By DENNIS GRUBAUGH
Thirty years ago, Downtown Alton was dying on the vine. A once-thriving business district was going downhill fast.
You could see the difference reflected in historical photos from decades past. Just after World War II, cars, merchants and shoppers would line Third, Belle, State and Piasa streets, vying for the bargains they would find at places like Young’s Dry Goods and Snyder’s Department store.
By the 1980s, though, suburbia had arrived. Across America, malls sprouted up. People moved away from their city’s core. Alton was no different and there was worry that boarded-up storefronts were going to take over a once-bustling commercial district.
A funny thing happened. It turns out the imminent death of Downtown was greatly exaggerated. If you visit today, you’ll again see a bustling hive of activity. There are few empty stores and — many days — few empty parking spaces. A reinvention is underway, and it’s one that many other communities should be watching.
Forward-thinking city fathers and more than a few hard-working merchants made possible what you see today. Almost four decades ago, the city established a special service tax to help finance improvements, paid by the property owners themselves. Decorative lighting was installed. Parking was improved. Sidewalks and other infrastructure upgrades were made. The city made a bet that Downtown still had mileage and — in a city where betting has become a big deal — the gamble paid off. People and businesses started coming back.
I was in the middle of a lot of this change. My career emerged around 1980 at a tiny weekly newspaper located in a Third Street building that later became a popular bar, Catdaddy’s. That lounge is still there and was one of the first of the watering holes that now dot the district.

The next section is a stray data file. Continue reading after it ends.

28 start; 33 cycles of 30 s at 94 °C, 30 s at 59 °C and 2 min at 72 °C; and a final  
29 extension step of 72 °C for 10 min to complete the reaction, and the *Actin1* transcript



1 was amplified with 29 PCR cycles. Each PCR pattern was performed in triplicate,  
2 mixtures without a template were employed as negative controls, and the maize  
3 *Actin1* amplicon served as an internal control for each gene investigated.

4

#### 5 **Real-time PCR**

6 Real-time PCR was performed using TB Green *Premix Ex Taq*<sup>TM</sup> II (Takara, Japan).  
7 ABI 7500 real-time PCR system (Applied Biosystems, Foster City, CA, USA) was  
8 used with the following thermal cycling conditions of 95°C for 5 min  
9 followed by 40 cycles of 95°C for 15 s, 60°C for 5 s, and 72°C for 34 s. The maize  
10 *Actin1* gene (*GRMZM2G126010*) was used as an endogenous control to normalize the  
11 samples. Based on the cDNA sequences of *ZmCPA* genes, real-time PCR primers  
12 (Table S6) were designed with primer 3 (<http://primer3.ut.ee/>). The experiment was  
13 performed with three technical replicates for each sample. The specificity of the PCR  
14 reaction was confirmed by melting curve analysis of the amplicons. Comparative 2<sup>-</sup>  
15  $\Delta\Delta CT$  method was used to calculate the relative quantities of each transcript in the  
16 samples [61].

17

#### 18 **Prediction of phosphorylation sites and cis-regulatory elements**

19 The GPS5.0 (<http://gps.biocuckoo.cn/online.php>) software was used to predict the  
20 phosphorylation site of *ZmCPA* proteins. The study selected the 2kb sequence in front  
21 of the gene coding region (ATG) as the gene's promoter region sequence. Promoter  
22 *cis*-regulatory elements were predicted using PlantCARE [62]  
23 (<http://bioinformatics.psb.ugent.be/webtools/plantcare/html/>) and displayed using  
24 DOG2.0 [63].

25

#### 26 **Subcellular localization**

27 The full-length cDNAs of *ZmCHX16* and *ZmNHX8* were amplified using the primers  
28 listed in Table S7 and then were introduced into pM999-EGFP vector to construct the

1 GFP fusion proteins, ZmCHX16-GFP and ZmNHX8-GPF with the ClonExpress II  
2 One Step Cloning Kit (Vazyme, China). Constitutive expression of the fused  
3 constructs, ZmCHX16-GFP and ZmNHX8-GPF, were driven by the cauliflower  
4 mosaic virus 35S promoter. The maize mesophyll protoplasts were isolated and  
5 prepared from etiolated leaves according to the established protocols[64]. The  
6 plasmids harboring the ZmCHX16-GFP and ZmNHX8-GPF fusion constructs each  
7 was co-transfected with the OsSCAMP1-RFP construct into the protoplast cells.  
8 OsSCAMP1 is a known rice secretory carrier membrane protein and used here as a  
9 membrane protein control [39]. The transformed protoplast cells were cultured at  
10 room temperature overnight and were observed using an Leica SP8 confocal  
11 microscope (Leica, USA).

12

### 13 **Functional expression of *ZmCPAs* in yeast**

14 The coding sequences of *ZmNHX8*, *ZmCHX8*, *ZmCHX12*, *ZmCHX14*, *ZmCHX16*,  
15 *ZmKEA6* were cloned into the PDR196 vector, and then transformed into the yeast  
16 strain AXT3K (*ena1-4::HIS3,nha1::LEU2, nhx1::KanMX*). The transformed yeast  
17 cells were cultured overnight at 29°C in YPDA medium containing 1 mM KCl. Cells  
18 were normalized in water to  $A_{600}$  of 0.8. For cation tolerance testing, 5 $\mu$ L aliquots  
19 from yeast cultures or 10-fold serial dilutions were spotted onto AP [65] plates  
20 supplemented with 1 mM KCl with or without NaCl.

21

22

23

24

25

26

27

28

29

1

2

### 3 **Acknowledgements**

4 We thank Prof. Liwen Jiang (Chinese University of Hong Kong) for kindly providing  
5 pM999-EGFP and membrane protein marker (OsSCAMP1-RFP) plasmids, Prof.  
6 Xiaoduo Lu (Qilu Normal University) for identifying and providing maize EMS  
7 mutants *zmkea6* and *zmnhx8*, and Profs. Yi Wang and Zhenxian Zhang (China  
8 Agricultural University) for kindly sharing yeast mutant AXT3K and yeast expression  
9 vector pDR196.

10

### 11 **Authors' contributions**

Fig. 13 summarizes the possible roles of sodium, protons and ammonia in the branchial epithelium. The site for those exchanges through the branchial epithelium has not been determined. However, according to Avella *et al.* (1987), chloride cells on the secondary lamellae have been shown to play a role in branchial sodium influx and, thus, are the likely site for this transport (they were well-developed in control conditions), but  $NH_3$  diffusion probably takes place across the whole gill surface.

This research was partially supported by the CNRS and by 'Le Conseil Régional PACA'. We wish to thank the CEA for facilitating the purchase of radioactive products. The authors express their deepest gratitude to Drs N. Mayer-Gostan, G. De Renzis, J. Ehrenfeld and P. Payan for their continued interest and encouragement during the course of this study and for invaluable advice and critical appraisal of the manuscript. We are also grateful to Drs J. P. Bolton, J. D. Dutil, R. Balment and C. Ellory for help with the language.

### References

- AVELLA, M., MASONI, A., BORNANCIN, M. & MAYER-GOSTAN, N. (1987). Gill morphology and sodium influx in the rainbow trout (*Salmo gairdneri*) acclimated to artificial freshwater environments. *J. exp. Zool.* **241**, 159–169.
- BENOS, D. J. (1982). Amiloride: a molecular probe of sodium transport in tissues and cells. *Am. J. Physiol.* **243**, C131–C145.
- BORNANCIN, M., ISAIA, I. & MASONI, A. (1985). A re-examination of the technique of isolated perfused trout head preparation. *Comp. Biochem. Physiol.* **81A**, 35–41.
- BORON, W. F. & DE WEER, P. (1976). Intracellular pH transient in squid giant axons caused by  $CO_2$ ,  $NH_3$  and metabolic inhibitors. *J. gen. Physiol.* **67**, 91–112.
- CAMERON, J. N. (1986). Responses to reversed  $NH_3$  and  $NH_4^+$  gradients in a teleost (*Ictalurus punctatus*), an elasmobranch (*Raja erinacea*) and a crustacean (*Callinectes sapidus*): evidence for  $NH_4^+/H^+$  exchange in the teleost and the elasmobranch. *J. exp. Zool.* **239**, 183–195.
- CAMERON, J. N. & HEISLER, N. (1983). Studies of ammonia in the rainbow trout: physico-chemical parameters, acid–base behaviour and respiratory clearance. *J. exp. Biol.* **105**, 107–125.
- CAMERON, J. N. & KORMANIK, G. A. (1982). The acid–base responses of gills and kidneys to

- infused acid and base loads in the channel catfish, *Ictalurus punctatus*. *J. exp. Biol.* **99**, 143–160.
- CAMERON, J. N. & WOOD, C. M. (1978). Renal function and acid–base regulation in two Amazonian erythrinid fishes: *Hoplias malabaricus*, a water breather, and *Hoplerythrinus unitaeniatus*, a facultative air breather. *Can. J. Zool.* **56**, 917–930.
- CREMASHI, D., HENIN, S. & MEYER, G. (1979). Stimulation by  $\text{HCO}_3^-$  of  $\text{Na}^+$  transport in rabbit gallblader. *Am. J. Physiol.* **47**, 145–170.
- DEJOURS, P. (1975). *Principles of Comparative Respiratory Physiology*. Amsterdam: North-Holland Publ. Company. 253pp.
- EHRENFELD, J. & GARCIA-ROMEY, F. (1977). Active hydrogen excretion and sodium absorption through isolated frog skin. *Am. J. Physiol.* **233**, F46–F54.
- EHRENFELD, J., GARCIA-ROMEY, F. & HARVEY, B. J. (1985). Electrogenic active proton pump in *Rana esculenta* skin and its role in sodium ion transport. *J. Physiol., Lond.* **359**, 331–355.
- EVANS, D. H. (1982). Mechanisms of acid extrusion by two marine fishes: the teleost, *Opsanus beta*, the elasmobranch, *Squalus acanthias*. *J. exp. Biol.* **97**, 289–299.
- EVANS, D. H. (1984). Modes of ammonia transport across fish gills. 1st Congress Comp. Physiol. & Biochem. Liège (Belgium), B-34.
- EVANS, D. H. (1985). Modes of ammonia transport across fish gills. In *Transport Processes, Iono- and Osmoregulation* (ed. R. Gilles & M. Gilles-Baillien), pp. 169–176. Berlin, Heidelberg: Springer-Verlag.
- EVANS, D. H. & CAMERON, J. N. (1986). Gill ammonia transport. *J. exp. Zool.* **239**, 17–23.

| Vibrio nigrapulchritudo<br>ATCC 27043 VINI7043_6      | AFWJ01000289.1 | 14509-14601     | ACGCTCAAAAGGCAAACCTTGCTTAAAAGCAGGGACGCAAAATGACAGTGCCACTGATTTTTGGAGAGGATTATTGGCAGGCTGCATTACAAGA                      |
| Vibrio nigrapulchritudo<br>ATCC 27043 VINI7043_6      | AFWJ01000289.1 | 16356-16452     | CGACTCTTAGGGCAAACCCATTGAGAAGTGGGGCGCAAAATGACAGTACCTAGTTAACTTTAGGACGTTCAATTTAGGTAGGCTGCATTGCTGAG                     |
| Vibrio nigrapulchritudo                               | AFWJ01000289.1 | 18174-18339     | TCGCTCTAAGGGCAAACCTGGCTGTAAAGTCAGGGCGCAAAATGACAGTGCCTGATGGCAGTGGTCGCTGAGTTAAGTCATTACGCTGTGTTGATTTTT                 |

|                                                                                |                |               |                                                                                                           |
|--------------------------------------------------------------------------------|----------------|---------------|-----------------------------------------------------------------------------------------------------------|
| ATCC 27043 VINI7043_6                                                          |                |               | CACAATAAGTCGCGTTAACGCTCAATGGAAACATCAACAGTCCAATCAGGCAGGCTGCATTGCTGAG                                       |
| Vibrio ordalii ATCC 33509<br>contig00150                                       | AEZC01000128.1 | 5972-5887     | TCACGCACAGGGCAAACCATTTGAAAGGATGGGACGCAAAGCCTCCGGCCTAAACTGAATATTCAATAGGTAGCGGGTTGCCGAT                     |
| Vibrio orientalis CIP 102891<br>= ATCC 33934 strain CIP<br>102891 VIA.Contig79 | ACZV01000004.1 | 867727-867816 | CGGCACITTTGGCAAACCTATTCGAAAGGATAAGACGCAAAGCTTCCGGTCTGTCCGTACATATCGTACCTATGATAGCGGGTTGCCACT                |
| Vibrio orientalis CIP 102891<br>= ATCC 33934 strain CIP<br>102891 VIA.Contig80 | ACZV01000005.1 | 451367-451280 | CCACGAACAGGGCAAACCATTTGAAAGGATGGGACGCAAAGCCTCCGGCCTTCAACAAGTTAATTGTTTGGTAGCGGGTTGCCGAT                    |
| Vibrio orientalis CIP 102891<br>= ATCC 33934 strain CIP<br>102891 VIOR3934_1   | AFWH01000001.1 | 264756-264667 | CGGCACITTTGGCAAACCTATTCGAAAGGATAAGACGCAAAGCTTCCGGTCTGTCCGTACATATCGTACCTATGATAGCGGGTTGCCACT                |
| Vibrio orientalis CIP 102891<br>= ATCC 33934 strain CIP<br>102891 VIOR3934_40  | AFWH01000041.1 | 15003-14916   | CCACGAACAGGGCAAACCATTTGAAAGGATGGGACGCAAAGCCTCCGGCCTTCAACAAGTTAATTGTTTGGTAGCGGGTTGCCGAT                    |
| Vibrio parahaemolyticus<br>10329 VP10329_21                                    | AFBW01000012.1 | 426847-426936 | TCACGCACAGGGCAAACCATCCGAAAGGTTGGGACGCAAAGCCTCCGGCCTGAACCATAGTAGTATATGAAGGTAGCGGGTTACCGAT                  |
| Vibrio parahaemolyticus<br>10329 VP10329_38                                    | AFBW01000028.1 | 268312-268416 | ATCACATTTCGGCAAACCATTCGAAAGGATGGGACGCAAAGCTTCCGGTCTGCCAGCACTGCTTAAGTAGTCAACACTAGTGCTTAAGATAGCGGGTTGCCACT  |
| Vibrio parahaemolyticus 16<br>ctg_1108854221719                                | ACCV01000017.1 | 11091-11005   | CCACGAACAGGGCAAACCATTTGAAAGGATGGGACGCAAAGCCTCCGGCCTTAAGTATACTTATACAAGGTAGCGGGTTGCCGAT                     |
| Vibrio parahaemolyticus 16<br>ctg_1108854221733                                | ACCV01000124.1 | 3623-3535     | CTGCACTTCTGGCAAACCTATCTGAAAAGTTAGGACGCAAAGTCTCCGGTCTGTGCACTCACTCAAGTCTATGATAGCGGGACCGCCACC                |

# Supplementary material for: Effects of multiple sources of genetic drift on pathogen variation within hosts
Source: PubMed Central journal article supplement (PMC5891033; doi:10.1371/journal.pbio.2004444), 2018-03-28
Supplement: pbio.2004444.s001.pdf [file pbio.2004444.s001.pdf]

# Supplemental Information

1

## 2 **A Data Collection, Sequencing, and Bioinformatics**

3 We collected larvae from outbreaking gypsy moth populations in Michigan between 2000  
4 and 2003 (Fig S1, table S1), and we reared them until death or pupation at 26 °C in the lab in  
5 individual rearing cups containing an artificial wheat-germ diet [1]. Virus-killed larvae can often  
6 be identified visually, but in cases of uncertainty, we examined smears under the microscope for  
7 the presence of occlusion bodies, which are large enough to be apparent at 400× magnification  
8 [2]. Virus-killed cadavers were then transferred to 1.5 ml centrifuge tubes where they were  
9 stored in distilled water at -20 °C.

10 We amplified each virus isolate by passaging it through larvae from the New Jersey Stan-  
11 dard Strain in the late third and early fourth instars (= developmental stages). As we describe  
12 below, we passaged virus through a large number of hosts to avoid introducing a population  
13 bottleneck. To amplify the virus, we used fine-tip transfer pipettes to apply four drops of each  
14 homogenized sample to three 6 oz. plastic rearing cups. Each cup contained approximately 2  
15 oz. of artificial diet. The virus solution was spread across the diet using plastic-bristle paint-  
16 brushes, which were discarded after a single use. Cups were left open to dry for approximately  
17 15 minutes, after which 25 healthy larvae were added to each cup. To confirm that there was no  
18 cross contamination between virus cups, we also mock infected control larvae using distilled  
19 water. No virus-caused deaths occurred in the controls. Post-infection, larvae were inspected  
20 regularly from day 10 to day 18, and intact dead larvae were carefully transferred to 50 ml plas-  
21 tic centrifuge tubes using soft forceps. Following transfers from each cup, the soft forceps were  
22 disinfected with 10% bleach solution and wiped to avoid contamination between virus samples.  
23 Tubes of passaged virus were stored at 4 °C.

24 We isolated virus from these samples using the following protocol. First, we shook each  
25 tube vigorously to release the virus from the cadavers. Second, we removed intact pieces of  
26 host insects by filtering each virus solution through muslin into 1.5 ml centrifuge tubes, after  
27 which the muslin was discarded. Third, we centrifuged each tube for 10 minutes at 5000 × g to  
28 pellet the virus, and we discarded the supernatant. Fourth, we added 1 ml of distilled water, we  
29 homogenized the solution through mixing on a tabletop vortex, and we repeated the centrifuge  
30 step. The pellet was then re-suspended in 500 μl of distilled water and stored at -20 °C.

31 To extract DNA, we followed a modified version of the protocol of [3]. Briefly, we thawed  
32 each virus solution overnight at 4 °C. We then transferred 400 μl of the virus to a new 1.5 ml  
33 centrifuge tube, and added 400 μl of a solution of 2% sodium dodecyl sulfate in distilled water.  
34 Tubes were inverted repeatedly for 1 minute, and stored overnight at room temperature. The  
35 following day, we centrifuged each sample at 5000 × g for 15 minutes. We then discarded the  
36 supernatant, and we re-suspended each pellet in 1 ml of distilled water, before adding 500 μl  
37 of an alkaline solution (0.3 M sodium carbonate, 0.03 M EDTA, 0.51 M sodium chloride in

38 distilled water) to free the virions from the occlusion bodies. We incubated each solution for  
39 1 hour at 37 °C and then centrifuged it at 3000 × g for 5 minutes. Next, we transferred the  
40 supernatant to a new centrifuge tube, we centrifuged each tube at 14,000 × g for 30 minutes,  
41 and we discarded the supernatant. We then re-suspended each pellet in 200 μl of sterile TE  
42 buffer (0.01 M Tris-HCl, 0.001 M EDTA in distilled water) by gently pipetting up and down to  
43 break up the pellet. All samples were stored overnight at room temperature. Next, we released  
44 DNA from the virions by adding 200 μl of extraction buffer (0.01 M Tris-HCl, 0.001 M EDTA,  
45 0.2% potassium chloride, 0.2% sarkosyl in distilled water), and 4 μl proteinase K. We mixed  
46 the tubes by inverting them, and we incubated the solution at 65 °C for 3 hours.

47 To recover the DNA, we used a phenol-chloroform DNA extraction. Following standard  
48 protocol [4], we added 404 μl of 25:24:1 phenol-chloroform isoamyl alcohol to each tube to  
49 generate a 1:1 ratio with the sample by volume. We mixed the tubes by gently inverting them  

The paper moved a short distance to the 300 block of Belle Street and ironically was forced to move again for another bar — when Mac Lenhardt began buying up the block for what eventually became Time Out Lounge. Lenhardt’s investment has attracted many others to do the same.
Downtown built its reputation as an entertainment district with several notable changes. The Ventimiglia family made significant improvements to their Tony’s restaurant. Marilyn Carroll made Chez Marilyn’s a must stop. The Alton Regional Convention and Visitors Bureau built its tourism headquarters at Broadway and Piasa. John and Dawn Hentrich established the Riverbender.com Community Center.
Through fires, floods and significant hard times, the Downtown drumbeat has persevered. All this progress came back to me a few weeks ago when I visited the newest establishment, Elijah P.’s Burgers and Brew at 401 Piasa. The owner is an old colleague, Russ Smith, who was a photographer at The Telegraph while I was the city editor. Smith, who has lived in Downtown Alton for years, left the paper a long time ago, started the bar Bossanova in Downtown and added to it with the recent Elijah P.’s opening. The name is homage to abolitionist minister Elijah Parish Lovejoy who died in 1837, defending his newspaper press from a violent mob in Alton.
I was astounded at the crowd inside Elijah P.’s on a Thursday night.
Downtown has hit a steady stride, and it’s not just about bars. There is a very active business trade there. Frew’s Bridal and Formal Wear, Hayner Public Library and New Frontiers Home and Garden Furnishings offer a significant presence, among others.
Downtown has done well by the entire city, and it is going to again be the center of focus on Sept. 12 when a statue to jazz great Miles Davis is dedicated. The memorial to the Alton native is to be located along West Third at the foot of Belle, in the heart of a busy district and amid a jazzy backdrop.
In my mind there’s no other place that statue should be.